Friday was our last day of school. We will start up again at the beginning of August. I decided to look back on what I wanted to accomplish at the beginning of the year. Some things we did awesome. On other things I was overly ambitious and let them fizzle. Other things we are still struggling with.
My son has improved so much in reading that we are actually going to start with 3rd grade level stuff in August. I am going to try Total Language Plus. This is a program that uses 2-3 "classic" books a year to do all of the vocabulary, grammar, writing, etc. You read the book slowly (a chapter a week/a couple of pages a day). You buy the curriculum a classic at a time. If you don't like it, you haven't blown your whole budget only about $30. And there is a convenient place to shift gears if it isn't working for you. These are all pluses to me. The first book is The Courage of Sarah Noble which seems to be a very charming tale of life in the early 1700's in the Connecticut wilderness. He also did very well with spelling but I think we are ready to try something besides the Writing Road to Reading. He actually wants to take spelling at the homeschool co-op that we will be participating in next year.
My daughter finished the handmade reader and got promoted to the My Father's World reader that my son started out on. He later progressed to Day-by-Day Begin to Read Bible and made it almost through the whole thing. My daughter does a great job of reading, but her 6-year-old self doesn't like to sit still very long to do it.
We all really like the Right Start Math curriculum. They both say that math is their best subject and I think it is in large part because of this curriculum.
I think that the wisdom traits lessons and the big fat lies were a success. We did 10 of each and then reviewed them throughout the year. The kids really seemed to get a grasp of these things so I plan on weaving them throughout the next year (and maybe adding a few more big fat lies).
Texas geography was fun even though it was kind of a lot of work for me. The kids thought that some of the official things were kind of funny. For example the official vegetable of Texas is the sweet onion. We finished the whole state with plenty of time to spare. I did sort of simplify it as time went on though. I am looking forward to American geography with Cantering the Country. This is a guide that gives you hints and resource lists to do unit studies on each state. We are going to start with the states we have been to and then work our way around the country.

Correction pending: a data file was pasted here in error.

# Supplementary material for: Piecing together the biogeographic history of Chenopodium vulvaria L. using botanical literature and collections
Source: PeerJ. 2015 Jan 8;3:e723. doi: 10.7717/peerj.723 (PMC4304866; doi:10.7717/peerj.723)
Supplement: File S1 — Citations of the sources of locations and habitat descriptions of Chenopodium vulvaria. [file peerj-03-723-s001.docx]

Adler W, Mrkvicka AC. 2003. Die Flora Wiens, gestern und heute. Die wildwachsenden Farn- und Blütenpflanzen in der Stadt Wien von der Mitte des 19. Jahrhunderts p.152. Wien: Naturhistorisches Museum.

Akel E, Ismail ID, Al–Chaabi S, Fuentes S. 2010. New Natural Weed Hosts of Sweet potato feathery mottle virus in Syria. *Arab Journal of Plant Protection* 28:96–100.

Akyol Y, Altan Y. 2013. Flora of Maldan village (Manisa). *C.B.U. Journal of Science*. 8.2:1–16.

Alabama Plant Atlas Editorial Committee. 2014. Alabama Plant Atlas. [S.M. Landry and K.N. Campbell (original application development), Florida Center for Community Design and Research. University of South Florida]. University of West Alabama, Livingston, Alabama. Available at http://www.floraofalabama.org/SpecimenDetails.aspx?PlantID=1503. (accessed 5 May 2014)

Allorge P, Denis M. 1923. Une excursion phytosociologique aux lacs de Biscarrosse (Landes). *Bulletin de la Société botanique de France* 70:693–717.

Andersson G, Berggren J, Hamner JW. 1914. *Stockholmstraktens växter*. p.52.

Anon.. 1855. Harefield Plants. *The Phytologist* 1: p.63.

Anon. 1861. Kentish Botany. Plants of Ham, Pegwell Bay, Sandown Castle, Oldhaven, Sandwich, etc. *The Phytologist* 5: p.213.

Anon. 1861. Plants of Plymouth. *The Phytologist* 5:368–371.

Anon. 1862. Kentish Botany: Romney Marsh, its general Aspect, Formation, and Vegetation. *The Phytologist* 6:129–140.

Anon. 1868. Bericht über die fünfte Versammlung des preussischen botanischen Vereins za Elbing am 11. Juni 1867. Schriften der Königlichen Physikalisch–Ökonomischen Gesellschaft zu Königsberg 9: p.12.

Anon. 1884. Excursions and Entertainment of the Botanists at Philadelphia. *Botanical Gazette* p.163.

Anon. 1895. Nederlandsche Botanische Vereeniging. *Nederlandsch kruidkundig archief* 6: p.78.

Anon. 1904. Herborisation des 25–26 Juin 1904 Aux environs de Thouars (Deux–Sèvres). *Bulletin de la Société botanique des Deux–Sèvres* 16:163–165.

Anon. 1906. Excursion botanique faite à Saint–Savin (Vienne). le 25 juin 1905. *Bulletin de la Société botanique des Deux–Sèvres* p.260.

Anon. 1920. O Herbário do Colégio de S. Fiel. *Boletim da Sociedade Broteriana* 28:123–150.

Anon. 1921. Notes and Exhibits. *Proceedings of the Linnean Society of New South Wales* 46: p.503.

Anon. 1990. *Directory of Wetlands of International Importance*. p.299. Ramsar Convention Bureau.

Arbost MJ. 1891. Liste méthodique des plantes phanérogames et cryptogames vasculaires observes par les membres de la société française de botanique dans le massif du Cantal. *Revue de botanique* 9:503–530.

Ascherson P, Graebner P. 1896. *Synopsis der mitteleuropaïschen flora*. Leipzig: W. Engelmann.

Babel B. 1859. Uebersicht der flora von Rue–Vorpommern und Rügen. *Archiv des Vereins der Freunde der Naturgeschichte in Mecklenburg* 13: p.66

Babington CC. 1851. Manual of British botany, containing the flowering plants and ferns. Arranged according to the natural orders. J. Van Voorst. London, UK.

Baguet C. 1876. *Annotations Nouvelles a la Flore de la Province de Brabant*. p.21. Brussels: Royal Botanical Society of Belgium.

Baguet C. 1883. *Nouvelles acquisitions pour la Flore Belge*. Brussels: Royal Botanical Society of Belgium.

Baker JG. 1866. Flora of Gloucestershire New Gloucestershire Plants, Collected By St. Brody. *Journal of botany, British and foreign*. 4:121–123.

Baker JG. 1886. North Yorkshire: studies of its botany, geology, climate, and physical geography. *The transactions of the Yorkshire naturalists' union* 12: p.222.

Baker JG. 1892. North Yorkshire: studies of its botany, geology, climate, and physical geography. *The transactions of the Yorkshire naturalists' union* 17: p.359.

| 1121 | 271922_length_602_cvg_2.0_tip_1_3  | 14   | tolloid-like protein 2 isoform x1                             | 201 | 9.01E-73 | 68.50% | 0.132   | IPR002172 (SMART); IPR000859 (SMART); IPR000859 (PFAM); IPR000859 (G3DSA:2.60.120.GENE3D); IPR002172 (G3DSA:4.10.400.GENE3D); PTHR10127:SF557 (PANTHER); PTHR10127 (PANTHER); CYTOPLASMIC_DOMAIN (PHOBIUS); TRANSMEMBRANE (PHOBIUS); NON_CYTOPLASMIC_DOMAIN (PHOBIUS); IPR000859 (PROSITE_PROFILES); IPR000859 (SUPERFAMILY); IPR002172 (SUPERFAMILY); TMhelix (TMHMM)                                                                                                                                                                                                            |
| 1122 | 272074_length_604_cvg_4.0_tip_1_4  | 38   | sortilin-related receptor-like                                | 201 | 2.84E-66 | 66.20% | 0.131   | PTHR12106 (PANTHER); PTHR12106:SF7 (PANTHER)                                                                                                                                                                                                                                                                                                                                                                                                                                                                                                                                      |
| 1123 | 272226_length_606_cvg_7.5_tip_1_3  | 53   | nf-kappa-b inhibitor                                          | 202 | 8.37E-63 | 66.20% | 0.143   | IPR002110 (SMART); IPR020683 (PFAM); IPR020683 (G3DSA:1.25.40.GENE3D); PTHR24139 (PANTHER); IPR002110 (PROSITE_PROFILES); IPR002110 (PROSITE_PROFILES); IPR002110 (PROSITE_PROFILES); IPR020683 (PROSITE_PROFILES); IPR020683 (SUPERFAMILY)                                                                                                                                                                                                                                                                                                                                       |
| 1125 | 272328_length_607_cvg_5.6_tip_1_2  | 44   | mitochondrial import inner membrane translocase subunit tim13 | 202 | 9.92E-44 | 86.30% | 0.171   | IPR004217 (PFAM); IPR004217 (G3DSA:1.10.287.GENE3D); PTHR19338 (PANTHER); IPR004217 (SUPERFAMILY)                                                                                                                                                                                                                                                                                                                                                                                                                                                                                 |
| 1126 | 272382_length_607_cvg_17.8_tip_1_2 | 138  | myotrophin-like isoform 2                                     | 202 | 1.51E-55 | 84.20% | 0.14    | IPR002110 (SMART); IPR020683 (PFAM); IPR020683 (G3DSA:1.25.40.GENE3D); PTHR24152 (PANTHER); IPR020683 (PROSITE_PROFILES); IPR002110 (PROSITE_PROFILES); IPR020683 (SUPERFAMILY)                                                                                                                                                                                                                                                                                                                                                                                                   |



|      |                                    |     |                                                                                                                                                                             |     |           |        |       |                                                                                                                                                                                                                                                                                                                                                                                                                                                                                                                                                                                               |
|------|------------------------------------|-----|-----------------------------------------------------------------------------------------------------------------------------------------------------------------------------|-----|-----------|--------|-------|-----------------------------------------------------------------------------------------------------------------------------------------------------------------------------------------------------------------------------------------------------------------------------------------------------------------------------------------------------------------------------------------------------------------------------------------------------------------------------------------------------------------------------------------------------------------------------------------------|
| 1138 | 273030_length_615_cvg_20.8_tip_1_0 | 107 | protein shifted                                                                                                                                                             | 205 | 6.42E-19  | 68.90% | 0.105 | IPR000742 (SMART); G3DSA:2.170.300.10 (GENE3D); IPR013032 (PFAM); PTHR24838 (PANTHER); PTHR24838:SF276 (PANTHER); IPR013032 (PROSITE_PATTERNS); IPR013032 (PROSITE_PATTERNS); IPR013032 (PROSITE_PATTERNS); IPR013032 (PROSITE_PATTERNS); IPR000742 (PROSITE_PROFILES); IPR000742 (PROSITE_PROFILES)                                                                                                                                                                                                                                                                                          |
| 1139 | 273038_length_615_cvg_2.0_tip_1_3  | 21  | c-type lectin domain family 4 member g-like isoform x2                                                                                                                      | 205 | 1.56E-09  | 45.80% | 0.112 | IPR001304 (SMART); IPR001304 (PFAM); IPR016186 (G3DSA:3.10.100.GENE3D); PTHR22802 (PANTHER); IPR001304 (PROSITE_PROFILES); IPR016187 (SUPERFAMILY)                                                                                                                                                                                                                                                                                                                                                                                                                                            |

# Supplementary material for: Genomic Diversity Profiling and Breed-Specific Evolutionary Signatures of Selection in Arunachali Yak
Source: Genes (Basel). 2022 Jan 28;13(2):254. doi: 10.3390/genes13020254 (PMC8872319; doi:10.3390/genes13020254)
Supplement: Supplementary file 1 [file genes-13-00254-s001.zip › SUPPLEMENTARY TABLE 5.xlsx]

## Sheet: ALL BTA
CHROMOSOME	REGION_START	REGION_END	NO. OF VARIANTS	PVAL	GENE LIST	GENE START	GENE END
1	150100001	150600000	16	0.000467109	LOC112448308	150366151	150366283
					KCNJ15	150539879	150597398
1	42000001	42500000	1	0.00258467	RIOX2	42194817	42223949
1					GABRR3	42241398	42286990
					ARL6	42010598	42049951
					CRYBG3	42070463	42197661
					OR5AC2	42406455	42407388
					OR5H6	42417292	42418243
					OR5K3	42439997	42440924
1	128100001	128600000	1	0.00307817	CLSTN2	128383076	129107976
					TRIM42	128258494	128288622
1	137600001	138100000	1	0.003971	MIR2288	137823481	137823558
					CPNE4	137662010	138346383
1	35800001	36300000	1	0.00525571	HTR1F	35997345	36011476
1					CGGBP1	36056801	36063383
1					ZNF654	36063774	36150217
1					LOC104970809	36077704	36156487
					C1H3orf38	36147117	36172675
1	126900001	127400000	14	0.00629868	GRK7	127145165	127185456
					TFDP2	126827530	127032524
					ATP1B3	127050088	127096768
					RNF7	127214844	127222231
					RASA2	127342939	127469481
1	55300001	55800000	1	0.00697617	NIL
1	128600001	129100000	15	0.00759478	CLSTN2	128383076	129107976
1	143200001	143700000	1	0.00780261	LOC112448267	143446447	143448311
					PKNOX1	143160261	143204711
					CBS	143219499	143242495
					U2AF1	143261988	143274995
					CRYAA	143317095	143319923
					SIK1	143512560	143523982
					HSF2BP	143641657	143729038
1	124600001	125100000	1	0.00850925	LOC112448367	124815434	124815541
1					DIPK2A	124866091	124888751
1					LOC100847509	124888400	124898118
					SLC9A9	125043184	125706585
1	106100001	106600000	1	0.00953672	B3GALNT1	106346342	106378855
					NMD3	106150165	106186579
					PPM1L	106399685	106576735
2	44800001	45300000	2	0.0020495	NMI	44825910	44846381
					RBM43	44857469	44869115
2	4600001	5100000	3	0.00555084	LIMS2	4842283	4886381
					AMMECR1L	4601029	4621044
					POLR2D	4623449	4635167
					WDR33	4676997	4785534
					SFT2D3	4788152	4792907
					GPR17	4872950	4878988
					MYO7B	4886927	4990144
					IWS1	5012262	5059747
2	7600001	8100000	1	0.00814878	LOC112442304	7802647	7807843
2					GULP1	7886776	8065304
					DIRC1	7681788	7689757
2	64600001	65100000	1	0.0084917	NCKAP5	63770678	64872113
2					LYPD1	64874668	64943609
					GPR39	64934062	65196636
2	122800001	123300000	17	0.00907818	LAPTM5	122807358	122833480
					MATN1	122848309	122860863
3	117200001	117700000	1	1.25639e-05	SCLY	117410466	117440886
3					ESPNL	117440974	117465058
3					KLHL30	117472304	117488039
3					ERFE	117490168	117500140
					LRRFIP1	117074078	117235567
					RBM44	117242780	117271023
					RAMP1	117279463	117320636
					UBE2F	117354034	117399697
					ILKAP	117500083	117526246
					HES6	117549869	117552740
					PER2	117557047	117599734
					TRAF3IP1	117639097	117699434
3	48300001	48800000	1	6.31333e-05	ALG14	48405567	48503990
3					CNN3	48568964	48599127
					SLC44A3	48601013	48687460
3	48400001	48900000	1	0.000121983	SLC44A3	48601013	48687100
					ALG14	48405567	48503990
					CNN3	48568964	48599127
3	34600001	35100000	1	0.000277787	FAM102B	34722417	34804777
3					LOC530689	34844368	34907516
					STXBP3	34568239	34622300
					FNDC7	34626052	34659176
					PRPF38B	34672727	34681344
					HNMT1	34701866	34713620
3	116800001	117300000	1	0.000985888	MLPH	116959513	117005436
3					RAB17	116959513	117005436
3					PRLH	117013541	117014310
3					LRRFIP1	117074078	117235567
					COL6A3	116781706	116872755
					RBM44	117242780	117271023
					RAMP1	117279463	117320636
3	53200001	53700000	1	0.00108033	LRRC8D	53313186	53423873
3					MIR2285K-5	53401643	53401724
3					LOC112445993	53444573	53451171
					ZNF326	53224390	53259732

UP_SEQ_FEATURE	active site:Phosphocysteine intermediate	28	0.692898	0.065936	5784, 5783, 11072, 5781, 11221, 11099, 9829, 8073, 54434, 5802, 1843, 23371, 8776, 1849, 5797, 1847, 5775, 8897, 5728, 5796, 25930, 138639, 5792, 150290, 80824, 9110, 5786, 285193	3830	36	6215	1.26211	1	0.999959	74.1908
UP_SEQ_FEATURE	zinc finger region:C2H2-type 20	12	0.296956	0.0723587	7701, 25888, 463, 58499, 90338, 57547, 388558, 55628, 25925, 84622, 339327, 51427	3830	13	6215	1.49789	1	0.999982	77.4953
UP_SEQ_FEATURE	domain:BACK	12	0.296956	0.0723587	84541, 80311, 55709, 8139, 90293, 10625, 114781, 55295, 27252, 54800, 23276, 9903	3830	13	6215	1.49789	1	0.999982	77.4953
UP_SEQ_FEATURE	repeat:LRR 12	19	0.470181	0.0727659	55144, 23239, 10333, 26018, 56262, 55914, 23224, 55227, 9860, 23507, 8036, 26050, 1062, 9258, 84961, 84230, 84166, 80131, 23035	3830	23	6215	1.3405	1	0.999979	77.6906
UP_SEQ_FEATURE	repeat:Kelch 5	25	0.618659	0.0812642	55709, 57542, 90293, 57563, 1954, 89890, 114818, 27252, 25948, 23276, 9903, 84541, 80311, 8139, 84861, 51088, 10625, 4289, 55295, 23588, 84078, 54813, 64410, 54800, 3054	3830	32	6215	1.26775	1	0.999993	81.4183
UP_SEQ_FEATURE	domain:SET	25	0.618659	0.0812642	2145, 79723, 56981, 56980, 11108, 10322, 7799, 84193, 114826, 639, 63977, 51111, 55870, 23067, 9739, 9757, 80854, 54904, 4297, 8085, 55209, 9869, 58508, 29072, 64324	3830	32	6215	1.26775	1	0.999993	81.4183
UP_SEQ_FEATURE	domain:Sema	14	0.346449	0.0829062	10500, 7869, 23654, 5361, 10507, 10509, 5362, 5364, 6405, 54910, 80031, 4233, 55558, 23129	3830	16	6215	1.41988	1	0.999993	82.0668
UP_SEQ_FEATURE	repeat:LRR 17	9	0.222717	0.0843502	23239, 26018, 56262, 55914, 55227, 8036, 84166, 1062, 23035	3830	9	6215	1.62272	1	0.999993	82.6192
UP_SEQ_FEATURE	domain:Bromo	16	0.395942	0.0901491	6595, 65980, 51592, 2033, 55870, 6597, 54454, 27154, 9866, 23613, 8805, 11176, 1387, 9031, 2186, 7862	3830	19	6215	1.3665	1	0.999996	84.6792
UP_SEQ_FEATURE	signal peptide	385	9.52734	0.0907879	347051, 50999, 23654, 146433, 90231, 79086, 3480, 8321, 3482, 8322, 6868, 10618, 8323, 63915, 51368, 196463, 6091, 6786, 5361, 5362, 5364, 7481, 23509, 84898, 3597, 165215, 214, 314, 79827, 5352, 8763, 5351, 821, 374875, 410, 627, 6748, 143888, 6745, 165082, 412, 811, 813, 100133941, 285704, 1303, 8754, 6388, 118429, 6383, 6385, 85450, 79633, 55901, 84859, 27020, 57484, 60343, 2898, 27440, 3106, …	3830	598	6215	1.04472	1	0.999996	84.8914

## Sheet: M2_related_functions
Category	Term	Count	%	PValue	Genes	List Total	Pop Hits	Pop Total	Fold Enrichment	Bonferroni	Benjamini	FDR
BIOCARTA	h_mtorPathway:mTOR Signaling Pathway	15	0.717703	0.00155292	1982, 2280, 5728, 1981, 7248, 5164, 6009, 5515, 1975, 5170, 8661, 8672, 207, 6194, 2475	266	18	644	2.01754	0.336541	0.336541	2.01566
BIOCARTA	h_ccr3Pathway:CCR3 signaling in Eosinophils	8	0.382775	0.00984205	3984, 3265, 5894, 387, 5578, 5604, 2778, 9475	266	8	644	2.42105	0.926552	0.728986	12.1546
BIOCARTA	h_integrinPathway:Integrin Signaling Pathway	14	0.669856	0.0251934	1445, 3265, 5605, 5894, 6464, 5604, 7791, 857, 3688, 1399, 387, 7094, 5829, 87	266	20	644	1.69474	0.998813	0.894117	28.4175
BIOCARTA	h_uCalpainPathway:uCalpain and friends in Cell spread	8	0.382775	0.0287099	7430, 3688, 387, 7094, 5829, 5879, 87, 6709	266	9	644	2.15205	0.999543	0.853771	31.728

We also had a great time with anatomy. We did all of the experiments in the Magic School Bus body experiments. That was a great addition to reading through the DK First Human Body Encyclopedia.
We kind of fizzled on the astronomy. We only got through the sun, Mercury, Venus, and the Earth. We also only fit one star party into our schedules. We will continue in the coming year though because the we did enjoy it.
The biggest fizzle was quilting. I had trouble with the machine when we got to the actual sewing part. By the time I got it going we were out of the routine of doing it.
Daily grammar worksheets were a big dud. I found it much easier just to let my son write things he was interested in and correct his grammar. I am so glad that grammar stuff is included in the Total Language Plus stuff. It is helpful to only have one thing to keep track of.
My kids struggle with handwriting. I had to give up on lower-case (for the time being) with my daughter and continue with capitals over and over. Now she can write all of them reasonably clearly, but I am really going to have to hunker down on handwriting next year. My son has improved a lot, but there is no way we are moving on to cursive for a while.
Timed tests is another struggle. If there is no time factor, my son can do the problems no problems. But when then instructions are to try to finish a certain number in a certain amount of time, he freezes. We have made some progress on this, but we have to keep working on it next year.